Striving for sustainable pest management in no-till, field-crop systems: Understanding the role of insecticidal seed treatments

Project Overview

Project Type: Graduate Student
Funds awarded in 2011: $14,494.00
Projected End Date: 12/31/2013
Grant Recipient: Penn State
Region: Northeast
State: Pennsylvania
Graduate Student:
Faculty Advisor:

Annual Reports


  • Agronomic: corn, soybeans


  • Crop Production: conservation tillage
  • Natural Resources/Environment: biodiversity
  • Pest Management: biological control, chemical control, integrated pest management, prevention, weed ecology

    Proposal abstract:

    No-till farming provides important benefits, but its sustainability is compromised by heavy reliance on pesticides for insect and weed control. The most common insecticides used in Northeastern field crops are neonicotinoid seed treatments. These seed treatments have questionable value for most farmers, and are not effective against slugs, considered by 80% of local no-till growers to be their most challenging pest. Because slugs ingest neonicotinoids but are not killed by them, they may pass these toxins to generalist predators and thereby disrupt biocontrol. My preliminary data support this notion because ground beetles were poisoned when they attacked slugs that had been fed on treated seedlings. There is a pressing need to examine the consequences of neonicotinoid seed treatments for whole farm ecosystems. I propose to evaluate non-target risks of neonicotinoid seed treatments in no-till corn and soybeans. Using laboratory and field experiments, I will examine the transfer of neonicotinoids up food chains from plants to slugs to predators, and the potential of this transfer to disrupt biocontrol of slugs, insect pests, and weeds. To provide a viable alternative to seed treatments, I will improve extension resources for early-season pest control in corn and soybeans, providing new publications that describe proven tactics for managing invertebrate pests. Finally, I will produce novel video footage highlighting important contributions of natural enemies to pest control in field crops. This footage will stimulate interest in IPM by illustrating predation services and depicting risks that accompany disruption of natural enemy populations.

    Project objectives from proposal:

    Objective 1: Determine whether insecticidal seed treatments can be transferred from crop plants to natural enemies via slugs.

    The potential for insecticides to move up food chains and harm non-target species has been a concern since Rachel Carson discussed this phenomenon in Silent Spring. My preliminary studies suggest that
    slugs may be important conduits of insecticides to natural enemies. Ground beetles, in particular, are frequent slug predators in agoecosystems (e.g. Symondson et al. 1996). I will use laboratory studies to determine whether slugs transfer to ground beetles a common neonicotinoid insecticide used on corn and soybean (thiamethoxam), testing for both lethal effects and sub-lethal effects on predator behavior.

    Objective 2: Determine how insecticidal seed treatments influence pest communities and predation of multiple pest guilds in corn and soybeans under field conditions.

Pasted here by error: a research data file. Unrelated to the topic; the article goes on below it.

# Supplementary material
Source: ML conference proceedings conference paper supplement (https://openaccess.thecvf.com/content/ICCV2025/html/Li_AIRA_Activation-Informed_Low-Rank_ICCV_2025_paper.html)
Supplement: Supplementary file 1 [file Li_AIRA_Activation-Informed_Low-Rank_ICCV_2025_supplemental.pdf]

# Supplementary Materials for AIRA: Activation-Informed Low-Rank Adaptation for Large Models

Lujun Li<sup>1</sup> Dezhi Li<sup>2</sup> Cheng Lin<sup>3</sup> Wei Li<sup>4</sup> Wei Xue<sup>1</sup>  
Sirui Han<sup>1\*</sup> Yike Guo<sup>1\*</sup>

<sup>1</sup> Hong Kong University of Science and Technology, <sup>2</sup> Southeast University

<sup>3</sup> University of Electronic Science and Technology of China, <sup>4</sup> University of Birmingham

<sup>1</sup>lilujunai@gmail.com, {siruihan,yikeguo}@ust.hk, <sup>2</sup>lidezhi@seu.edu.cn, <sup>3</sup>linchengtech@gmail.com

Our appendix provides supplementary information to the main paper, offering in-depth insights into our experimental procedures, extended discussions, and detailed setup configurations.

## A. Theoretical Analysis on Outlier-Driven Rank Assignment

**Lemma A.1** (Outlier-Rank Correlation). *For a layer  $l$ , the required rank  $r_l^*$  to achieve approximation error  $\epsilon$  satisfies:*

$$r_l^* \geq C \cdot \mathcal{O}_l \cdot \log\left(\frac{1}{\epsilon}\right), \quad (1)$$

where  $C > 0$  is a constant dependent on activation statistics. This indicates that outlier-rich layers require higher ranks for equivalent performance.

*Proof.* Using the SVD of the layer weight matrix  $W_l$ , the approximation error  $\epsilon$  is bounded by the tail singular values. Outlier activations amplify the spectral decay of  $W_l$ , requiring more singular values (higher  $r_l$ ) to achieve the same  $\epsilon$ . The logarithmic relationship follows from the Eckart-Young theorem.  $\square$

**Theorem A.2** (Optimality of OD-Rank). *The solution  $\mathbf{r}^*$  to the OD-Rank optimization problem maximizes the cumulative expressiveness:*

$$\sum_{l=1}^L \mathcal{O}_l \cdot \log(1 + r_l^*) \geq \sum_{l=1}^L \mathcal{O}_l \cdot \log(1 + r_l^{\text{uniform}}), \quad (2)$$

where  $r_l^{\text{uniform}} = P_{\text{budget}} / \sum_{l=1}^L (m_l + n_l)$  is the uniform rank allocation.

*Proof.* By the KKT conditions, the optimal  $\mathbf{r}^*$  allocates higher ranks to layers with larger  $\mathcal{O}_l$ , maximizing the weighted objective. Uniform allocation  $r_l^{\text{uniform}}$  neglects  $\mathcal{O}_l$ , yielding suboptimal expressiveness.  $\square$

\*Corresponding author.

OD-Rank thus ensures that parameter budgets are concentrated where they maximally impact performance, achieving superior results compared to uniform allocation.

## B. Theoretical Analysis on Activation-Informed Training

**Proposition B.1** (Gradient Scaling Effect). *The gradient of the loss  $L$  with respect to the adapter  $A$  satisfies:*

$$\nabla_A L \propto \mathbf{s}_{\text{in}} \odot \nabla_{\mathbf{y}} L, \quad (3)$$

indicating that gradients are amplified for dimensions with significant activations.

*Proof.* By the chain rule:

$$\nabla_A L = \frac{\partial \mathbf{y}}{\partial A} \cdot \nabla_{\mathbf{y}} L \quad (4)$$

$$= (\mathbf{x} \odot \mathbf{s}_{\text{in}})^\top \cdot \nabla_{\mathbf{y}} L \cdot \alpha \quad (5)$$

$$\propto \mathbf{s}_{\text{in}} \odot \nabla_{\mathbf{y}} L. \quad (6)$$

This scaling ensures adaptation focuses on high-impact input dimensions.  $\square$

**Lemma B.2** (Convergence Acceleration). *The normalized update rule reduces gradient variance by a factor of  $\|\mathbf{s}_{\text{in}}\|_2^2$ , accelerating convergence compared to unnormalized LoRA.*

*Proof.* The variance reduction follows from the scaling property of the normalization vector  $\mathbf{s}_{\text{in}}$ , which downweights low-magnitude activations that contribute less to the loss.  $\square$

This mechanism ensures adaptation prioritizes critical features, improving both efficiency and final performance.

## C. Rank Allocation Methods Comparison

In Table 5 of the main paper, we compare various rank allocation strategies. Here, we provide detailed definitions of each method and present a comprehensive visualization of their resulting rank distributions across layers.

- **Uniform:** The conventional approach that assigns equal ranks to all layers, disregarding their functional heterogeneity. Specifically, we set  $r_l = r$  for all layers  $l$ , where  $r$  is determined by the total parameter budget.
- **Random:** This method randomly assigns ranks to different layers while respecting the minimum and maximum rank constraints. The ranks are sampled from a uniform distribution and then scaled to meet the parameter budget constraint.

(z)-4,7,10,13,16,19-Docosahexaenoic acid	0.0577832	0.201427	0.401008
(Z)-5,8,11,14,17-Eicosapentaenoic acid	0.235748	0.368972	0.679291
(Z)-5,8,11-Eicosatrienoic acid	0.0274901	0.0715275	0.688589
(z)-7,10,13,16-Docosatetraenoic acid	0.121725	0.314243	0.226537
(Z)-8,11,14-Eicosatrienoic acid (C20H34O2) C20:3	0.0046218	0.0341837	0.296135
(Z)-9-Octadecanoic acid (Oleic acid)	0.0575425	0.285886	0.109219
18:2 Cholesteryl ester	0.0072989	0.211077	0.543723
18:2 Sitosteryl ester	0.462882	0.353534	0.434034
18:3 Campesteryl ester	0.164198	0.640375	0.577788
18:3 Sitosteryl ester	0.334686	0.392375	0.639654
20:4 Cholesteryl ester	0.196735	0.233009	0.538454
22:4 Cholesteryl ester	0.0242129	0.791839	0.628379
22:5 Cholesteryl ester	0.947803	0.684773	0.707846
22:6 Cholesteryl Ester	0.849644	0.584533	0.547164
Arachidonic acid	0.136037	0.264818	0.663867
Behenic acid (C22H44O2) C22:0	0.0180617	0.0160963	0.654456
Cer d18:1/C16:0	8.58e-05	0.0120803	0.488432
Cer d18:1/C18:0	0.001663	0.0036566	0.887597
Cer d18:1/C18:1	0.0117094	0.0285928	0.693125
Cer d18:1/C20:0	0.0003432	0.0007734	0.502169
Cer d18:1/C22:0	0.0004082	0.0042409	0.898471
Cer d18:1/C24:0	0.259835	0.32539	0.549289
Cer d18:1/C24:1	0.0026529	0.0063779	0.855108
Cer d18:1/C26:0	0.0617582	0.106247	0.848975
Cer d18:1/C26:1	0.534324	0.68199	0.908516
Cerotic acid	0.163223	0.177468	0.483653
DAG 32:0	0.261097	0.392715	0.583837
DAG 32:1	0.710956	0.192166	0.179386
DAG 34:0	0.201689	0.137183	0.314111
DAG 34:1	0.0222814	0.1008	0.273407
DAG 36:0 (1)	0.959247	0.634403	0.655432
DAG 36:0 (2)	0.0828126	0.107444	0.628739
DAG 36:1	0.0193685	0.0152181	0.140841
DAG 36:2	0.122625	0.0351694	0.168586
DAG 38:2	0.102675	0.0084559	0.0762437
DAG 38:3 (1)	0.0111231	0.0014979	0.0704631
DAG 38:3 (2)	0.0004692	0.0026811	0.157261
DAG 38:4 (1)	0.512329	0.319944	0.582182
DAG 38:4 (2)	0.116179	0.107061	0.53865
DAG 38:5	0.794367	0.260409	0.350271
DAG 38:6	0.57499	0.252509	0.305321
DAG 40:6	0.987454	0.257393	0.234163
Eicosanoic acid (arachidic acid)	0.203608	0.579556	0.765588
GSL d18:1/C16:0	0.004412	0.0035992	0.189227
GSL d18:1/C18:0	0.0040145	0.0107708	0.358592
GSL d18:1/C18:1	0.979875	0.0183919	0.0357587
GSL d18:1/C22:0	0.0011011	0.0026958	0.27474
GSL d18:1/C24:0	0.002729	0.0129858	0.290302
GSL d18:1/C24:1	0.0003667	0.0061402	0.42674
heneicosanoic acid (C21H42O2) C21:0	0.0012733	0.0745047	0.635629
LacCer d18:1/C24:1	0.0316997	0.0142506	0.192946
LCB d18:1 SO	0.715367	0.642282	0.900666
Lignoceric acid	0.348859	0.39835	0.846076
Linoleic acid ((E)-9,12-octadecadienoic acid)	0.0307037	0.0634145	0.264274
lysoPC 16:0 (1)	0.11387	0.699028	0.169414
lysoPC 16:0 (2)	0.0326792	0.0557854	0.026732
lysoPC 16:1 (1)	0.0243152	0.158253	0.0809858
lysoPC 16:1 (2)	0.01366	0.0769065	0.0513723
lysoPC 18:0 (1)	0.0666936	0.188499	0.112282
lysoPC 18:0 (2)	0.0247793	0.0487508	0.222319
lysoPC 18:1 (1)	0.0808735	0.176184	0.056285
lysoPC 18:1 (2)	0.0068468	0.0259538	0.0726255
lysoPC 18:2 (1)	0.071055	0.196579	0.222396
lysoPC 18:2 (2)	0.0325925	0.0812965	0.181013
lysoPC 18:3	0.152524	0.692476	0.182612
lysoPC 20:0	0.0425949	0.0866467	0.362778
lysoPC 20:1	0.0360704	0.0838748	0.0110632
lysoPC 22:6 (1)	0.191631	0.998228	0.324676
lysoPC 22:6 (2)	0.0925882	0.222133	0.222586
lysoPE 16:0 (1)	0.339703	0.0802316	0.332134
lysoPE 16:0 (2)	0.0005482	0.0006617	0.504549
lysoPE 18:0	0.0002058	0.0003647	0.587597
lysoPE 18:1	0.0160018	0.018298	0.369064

Seed treatments may harm natural enemies via several pathways, including direct contact in soil, contaminated prey (including slugs), and plant products (guttation drops, pollen). These multiple routes of exposure could disrupt generalist natural enemies important for pest control. Pterostichus melanarius, for example, is a common ground beetle species and a known slug predator, but it also preys on weed seeds and insect pests (Allen 1979). I will conduct field experiments with corn and soybeans comparing plots planted with untreated seeds to plots planted with seeds treated at standard low and high rates of thiamethoxam. To assess the influence of seed treatments on predation across the growing season, I will deploy sentinel prey, with separate assays to measure predation on slugs, insects, and weed seeds. Simultaneously, I will monitor pest populations and measure absolute densities of natural enemies. In addition to testing for seed treatment effects, the control plots in this study will reveal potential for biocontrol of slugs, insects, and weeds in no-till corn and soybeans.

    Objective 3: Educate farmers about neonicotinoid seed treatments and alternative practices through extension materials, videos, and presentations.

    While farmers receive promotional material from agricultural companies on benefits of seed treatments, they rarely hear potential downsides of the technology. Biocontrol contributes significantly to pest control, but is largely invisible because predation events are fleeting and rarely witnessed. Video is a powerful visual medium that I will harness to depict predator-provided pest control and non-target effects of insecticides on predator behavior and survival. Furthermore, I will produce two new publications to integrate and summarize early-season IPM practices for corn and soybeans into an easy-to-understand program.

    Any opinions, findings, conclusions, or recommendations expressed in this publication are those of the author(s) and do not necessarily reflect the view of the U.S. Department of Agriculture or SARE.